The Private Economy is Doing Just Fine
- Posted by ToddSullivan
- on June 11th, 2013
One means of understanding the details of our own economy is to dig into the details and see what emerges. Previous notes have focused on various economic trends which indicate economic expansion in the broad economy even with housing and construction only just lifting off. Yet, many continue to bemoan the economic weakness especially in US employment and our GDP. Only looking at the top line fails to reveal the dynamic economic changes which represent the healing of economic excesses during the sub-prime period.
Two charts below represent the dramatic differences in the private and government sectors of our economy. The first chart looks at US GDP and GDP adjusted for Government Expenditures while the second chart looks at the trends in private employment vs. government employment. Together, these charts reveal that a vibrant economy is actually bubbling along while excess government is being corrected.
In the chart, GDP, GDP minus Gvt Expenditures vs. Gvt Expenditures, I subtract the consumption due to government from our GDP so that I can calculate the growth rates of the two segments of our economy(commonly accepted practice). Recent history shows that government spending had been in the 18%-19% of US GDP range and that the rise to ~25% during the “Great Recession” was very troubling. Many have blamed slow GDP growth on the burdens of government.
We measure economic growth using GDP and Real GDP(adjusted for inflation). Inflation today using the Dallas Fed 12mo Trimmed Mean PCE is 1.3%. The current US GDP pace since 1Q11 has been 3.94% as can be seen in the chart which becomes a Real GDP of 2.64% when inflation is subtracted. US historical Real GDP since 1985 has been 3% with recessions falling to ~2% growth and peaks rising to ~4% growth. We typically view GDP and Real GDP as including the whole country, i.e. private sector and government sector combined. But, when one looks at our present situation by subtracting the government portion of GDP to reveal the non-government private sector portion of GDP, surprise, surprise, we find that the private sector since 1Q11 is chugging along at 5.25% GDP or a Real GDP growth of 3.95%. What is being missed by many is that government spending has been nearly flat since 1Q11(0.10% annual growth) while the private sector has shown a sizable recovery. So where are jobs?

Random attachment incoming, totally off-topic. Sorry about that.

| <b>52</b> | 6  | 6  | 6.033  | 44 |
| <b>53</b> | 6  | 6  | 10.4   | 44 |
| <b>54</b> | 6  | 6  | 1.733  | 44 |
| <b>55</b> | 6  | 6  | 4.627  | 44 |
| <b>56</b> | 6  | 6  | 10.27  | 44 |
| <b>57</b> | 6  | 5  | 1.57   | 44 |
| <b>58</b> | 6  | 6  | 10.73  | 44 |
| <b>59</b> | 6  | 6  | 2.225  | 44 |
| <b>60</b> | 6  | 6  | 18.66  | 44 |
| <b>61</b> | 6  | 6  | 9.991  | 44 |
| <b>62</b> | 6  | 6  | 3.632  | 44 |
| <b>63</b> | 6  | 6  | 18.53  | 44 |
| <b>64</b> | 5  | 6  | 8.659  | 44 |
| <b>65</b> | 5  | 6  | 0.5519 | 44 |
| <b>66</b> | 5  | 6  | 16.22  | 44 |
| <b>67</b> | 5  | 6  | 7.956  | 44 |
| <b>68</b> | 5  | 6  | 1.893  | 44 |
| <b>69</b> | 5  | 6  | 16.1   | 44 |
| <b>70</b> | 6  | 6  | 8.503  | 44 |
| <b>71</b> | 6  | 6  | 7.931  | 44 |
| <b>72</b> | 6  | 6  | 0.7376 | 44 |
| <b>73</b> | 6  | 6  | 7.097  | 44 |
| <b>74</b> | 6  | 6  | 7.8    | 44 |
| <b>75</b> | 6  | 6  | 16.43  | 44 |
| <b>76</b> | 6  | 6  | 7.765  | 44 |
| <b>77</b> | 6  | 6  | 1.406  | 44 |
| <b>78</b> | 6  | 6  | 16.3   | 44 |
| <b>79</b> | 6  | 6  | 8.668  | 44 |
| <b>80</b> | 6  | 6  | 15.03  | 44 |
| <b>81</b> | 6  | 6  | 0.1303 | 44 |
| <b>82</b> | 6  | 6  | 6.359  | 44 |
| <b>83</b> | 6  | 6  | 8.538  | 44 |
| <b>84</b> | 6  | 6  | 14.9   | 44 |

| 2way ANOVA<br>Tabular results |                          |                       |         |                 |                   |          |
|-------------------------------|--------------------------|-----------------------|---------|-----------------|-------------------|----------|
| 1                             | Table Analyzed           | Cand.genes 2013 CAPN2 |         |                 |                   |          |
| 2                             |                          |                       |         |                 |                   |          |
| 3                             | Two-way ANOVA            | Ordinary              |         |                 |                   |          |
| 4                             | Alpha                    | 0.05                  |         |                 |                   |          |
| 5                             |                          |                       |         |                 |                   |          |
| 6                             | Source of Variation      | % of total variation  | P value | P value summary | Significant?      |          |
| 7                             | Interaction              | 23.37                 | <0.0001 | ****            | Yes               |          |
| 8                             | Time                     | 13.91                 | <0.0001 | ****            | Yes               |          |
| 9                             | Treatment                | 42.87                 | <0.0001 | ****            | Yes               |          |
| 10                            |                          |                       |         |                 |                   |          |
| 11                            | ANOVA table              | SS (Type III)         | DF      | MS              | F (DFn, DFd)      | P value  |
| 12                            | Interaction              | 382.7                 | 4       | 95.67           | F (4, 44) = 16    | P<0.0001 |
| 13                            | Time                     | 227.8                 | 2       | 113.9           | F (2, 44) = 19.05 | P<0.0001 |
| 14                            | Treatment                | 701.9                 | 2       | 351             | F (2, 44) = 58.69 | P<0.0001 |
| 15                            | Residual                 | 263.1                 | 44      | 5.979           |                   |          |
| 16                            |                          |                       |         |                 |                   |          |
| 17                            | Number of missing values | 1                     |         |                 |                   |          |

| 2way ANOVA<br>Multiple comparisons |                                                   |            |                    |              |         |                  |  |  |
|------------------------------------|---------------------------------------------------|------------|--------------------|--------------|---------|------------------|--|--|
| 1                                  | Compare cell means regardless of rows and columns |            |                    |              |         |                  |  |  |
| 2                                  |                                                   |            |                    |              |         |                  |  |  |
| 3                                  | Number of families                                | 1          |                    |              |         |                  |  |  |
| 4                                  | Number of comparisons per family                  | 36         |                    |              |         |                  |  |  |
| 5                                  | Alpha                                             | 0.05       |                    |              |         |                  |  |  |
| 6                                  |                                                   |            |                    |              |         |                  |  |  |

Turning to the second chart, Private vs. Government Employment, one can see that government employment has shrunk 831,000 from its April 2009 peak (the spike in 2010 is due to temp. hiring for the Census) and lost 636,000 while the private sector gained 6,913,000. This data comes from the Establishment Survey and does not count the self-employed. If one uses the Household Survey(my preferred employment measure) one can see a healthy trend of ~280,000 newly employed per month pace since July 2011(see last weeks note).
While we remain behind expected historical GDP growth and employment trends, the reasons for this lie within the correction of an overly large government sector. The private sector is indeed carrying all the burden of our recovery and its strength is partially hidden by the contraction in government.
The reasons for being optimistic at this time of additional media doom and gloom come from the obvious recovery in housing and construction which have 5yrs of pend-up demand to work off with additional economic expansion and the knowledge that government contraction will stop at some point. Combine these historical trends and we can expect a sudden surge in GDP and Real GDP in the coming years which will surprise many. Precise estimates of GDP, Real GDP and in which quarters to expect them are impossible to predict as are all economic data points. The best we can do is to observe the trends, but this does not stop us from investing with confidence.
Optimism is warranted in my opinion with the focus being towards equities and away from fixed income(except for selected asset classes) LgCap Domestic and International equities continue to appear to offer the better future returns ($SPY).
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